Long after Sims died, when medical researchers wanted experimental subjects, they found it easy to go to prisons and poor neighborhoods. The Tuskegee syphilis experiment that exploited black men for forty years eroded trust that may never be regained. Unfortunately, the exploitation did not end when Tuskegee was finally reviled by the American public in the early 1970s. Two decades later, a mother in Brooklyn found representatives from Columbia University at her door, asking to take her 6-year-old son Isaac to their hospital for testing and a dose of medication. The stated reason was to assess him for health problems. The incentive was $100 and a Toys “R” Us gift certificate. The mother reluctantly agreed, and later learned that Columbia was doing research on a hypothesized link between genetics and violence. Researchers were trolling for black children and for parents they could interview to look for “parental psychopathology”. The drug in question was dangerous and not approved for children; it was one of the famous “Fen-Phen” drugs banned by the FDA a handful of years later because it damaged heart valves and killed patients. How had the researchers found young Isaac? The criminal justice system, which had Isaac’s older brother in its control. The study was later exposed for race-based exploitation, and Isaac’s mother was able to tell her story to a Congressional committee. She had felt coerced, fearing that if she said no to the researchers, her older son would suffer. The damage done by this sort of unethical study is deeply toxic to trust between black people and the medical care system.

Black physicians are uniquely positioned to build trust with their patients. Back in the earlier days of medicine, when black students managed to overcome a sea of obstacles to become physicians, they were excluded from the American Medical Association, as well as from countless state and local professional organizations. The exclusion wasn’t only from a membership organization; it meant exclusion from new research findings and information crucial to treating patients. Black physicians were also barred from treating patients in many hospitals. The AMA finally apologized for its racist policies a mere eight years ago.

White physicians have been shown to treat black patients differently from white patients. It isn’t only a matter of offering them less than the standard of care at times and attending less to their physical pain, deficits many in the profession are working to remedy. It’s also that they don’t communicate with them the same ways they communicate with their white patients. A study revealed that white doctors talking to black patients slow down their speech, dominate the conversation, spend less time on social-emotional concerns, stand farther away, touch less, and make less eye contract. Black patients have, not surprisingly, reported feeling patronized and mistrustful.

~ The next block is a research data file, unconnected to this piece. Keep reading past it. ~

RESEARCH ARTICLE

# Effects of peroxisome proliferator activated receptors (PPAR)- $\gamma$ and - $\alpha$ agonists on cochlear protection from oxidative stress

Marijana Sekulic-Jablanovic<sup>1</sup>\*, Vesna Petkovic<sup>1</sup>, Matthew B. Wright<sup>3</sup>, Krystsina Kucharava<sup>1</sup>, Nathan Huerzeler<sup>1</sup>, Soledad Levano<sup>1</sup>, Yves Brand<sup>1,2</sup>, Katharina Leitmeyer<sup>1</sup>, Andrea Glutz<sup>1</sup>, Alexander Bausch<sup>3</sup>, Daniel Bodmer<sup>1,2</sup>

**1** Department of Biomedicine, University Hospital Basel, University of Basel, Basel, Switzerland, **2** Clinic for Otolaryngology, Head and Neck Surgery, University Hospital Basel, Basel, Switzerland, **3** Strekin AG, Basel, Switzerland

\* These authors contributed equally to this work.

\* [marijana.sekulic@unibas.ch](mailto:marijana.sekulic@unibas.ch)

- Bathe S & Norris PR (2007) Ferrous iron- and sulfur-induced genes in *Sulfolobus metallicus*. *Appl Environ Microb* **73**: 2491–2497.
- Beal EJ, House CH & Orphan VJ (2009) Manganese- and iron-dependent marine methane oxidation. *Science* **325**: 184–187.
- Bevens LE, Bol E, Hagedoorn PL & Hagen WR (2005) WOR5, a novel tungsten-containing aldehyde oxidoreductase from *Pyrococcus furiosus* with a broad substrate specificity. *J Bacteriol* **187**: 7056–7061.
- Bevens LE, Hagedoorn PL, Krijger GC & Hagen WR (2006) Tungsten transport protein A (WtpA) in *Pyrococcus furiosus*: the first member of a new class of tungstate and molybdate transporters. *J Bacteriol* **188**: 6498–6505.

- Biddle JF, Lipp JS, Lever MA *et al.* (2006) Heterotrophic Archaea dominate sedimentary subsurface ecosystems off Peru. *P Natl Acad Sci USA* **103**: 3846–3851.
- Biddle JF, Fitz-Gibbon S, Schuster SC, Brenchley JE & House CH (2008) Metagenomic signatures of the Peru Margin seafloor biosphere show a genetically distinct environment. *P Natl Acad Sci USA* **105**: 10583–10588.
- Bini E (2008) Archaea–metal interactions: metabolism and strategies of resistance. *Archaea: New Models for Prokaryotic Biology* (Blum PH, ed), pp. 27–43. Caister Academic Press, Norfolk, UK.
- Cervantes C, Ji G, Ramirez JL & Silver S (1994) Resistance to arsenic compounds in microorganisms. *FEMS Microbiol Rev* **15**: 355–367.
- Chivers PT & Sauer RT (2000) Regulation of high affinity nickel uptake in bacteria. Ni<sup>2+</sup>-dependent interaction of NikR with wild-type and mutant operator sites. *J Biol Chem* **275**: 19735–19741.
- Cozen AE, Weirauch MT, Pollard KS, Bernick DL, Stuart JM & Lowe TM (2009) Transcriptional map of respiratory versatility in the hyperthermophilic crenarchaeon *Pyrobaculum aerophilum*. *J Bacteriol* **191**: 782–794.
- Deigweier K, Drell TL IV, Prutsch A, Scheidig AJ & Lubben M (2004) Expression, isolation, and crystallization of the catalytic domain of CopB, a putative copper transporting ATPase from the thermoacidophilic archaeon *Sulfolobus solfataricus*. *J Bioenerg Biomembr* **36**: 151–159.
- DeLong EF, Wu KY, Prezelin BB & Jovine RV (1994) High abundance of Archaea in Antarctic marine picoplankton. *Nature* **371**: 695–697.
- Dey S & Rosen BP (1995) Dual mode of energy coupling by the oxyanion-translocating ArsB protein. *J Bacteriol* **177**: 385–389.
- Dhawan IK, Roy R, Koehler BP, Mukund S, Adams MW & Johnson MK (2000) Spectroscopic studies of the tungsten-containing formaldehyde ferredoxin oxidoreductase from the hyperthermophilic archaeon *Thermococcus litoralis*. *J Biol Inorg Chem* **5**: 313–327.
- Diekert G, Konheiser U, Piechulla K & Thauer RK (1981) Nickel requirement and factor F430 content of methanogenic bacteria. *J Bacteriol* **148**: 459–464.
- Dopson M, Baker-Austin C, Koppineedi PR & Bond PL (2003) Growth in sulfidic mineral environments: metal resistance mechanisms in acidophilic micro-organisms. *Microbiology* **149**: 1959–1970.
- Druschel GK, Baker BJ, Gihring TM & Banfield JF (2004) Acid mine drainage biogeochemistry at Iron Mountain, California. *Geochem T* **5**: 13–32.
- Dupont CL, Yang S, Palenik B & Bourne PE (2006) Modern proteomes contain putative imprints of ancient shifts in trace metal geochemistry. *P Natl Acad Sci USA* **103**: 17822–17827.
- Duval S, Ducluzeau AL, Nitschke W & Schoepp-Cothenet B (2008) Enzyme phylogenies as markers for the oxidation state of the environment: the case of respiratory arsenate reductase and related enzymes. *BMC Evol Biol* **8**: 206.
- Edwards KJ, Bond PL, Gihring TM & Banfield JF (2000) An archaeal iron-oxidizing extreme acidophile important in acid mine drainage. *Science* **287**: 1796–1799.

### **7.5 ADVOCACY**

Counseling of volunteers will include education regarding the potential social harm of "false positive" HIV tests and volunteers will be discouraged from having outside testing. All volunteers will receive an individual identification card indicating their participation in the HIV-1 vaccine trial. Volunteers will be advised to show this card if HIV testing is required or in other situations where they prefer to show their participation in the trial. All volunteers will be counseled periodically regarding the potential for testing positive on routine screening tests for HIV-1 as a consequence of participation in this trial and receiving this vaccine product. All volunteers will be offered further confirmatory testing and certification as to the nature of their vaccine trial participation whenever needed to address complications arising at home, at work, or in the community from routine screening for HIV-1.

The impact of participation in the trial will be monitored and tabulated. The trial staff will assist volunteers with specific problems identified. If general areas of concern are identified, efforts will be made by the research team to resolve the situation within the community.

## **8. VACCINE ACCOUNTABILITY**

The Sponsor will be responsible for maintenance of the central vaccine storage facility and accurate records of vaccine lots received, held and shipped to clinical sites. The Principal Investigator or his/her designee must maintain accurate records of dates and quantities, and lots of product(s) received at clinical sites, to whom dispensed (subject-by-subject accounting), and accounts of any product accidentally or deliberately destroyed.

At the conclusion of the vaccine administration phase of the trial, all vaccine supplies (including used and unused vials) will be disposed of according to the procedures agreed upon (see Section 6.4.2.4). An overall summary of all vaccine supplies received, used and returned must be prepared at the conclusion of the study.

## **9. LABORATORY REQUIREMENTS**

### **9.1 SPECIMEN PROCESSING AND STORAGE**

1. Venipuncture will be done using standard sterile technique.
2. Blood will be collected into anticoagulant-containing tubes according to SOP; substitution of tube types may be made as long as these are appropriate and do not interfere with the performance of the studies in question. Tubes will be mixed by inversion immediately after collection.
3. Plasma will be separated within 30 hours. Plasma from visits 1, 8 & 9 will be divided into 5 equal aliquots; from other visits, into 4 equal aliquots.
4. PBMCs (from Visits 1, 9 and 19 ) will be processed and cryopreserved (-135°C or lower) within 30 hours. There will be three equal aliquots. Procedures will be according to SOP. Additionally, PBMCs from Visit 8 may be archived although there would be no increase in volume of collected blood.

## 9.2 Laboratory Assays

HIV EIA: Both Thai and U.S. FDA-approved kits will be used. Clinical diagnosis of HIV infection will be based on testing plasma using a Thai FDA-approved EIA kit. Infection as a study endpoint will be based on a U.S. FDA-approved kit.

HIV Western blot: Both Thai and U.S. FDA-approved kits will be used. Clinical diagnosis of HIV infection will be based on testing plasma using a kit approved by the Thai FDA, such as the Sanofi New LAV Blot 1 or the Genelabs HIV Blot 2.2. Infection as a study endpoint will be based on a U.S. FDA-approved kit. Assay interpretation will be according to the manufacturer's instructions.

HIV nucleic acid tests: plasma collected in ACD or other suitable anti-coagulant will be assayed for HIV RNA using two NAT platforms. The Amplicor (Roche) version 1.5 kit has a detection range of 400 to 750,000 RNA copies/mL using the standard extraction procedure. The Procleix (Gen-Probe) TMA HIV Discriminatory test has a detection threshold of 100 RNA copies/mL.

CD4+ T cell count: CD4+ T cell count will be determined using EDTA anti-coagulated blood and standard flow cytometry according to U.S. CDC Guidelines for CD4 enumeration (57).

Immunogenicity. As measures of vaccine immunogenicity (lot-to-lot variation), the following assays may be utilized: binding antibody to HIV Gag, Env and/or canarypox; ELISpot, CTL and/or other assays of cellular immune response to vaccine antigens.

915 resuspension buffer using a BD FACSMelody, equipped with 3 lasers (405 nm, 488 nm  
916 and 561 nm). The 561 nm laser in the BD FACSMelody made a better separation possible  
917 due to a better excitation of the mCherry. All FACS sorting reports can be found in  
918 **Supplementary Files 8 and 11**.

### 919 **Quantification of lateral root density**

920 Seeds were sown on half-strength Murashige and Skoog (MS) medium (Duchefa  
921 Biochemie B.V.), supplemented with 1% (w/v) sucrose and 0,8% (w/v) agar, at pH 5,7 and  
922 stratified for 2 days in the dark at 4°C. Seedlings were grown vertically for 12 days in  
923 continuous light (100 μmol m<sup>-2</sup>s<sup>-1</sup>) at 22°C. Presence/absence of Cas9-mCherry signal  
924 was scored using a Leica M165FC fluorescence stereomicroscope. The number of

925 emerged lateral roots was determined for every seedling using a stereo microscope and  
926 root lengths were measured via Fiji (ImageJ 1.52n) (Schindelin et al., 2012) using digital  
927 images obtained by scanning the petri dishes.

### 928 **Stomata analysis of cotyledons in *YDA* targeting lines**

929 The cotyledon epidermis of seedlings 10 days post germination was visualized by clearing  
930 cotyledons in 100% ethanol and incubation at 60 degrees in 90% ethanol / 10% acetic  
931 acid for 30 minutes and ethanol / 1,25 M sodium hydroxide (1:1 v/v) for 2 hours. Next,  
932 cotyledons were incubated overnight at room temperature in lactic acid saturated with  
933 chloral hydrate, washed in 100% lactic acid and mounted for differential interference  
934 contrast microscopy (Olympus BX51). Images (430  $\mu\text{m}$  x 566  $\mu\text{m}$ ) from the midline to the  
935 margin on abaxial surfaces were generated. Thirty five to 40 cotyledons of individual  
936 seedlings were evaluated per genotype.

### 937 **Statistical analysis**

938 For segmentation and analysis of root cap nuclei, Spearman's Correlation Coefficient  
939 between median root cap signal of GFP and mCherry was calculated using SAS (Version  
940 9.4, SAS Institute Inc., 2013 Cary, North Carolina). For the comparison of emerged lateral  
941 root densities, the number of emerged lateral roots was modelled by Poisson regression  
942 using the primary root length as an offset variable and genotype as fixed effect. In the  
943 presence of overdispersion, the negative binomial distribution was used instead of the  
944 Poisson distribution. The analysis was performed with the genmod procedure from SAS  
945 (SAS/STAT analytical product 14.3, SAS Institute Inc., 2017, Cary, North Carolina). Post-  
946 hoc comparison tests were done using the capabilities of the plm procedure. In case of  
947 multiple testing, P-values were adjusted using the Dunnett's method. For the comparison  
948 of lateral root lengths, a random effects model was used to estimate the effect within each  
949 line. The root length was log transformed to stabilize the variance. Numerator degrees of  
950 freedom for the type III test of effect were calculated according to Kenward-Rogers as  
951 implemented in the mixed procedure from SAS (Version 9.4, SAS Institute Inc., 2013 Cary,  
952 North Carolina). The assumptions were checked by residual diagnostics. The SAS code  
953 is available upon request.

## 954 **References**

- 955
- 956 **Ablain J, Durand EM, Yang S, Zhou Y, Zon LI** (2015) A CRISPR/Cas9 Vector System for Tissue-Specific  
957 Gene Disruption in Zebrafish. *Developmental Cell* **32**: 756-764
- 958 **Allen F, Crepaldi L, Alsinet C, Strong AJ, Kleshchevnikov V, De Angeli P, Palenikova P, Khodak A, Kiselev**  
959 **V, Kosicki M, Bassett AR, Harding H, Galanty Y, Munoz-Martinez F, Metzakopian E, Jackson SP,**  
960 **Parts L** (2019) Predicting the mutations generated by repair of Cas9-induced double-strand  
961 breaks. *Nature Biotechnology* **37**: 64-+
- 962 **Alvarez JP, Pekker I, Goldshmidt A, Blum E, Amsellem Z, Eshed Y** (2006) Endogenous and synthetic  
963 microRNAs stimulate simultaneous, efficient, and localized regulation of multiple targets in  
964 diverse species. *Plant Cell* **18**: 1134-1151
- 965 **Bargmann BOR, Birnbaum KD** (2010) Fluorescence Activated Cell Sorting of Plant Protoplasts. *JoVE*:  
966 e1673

Like most people, doctors are affected by unconscious bias, which is arguably harder to remedy than the race-based disparities in care we can try to remediate. (If you want to explore your unconscious bias, there’s an anonymous way to do it – Harvard University’s Project Implicit. You can take implicit bias tests on a range of topics, including gender, sexuality, weapons, disability, religion, weight, age, and … yes, race and skin color. Here’s the link:

I predict that, like me, you will be humbled by your test results.)

And then came Covid-19. We now know that black (and other non-white groups of) Americans have sickened and died at a shockingly disproportionate rate. Black people are more likely to be essential workers, risking their lives for those of us who are not. We are learning new information daily, including that mobile testing sites were often disproportionately placed in white neighborhoods even when black neighborhoods had more cases and risk factors.

Some say if we monitor research and care disparities and understand what causes them, we can fix things. Others say we need to educate medical students and doctors – the elixir of awareness. These things can help, but our institutions are old and the scars of racism are old and deep as well. To understand the scope of the problem, I recommend Harriet A. Washington’s brilliantly researched book, Medical Apartheid, where I found the story of young Isaac. The voices and expertise of black Americans are integral to building a medical research and care system that meets their needs and in which they can place their trust.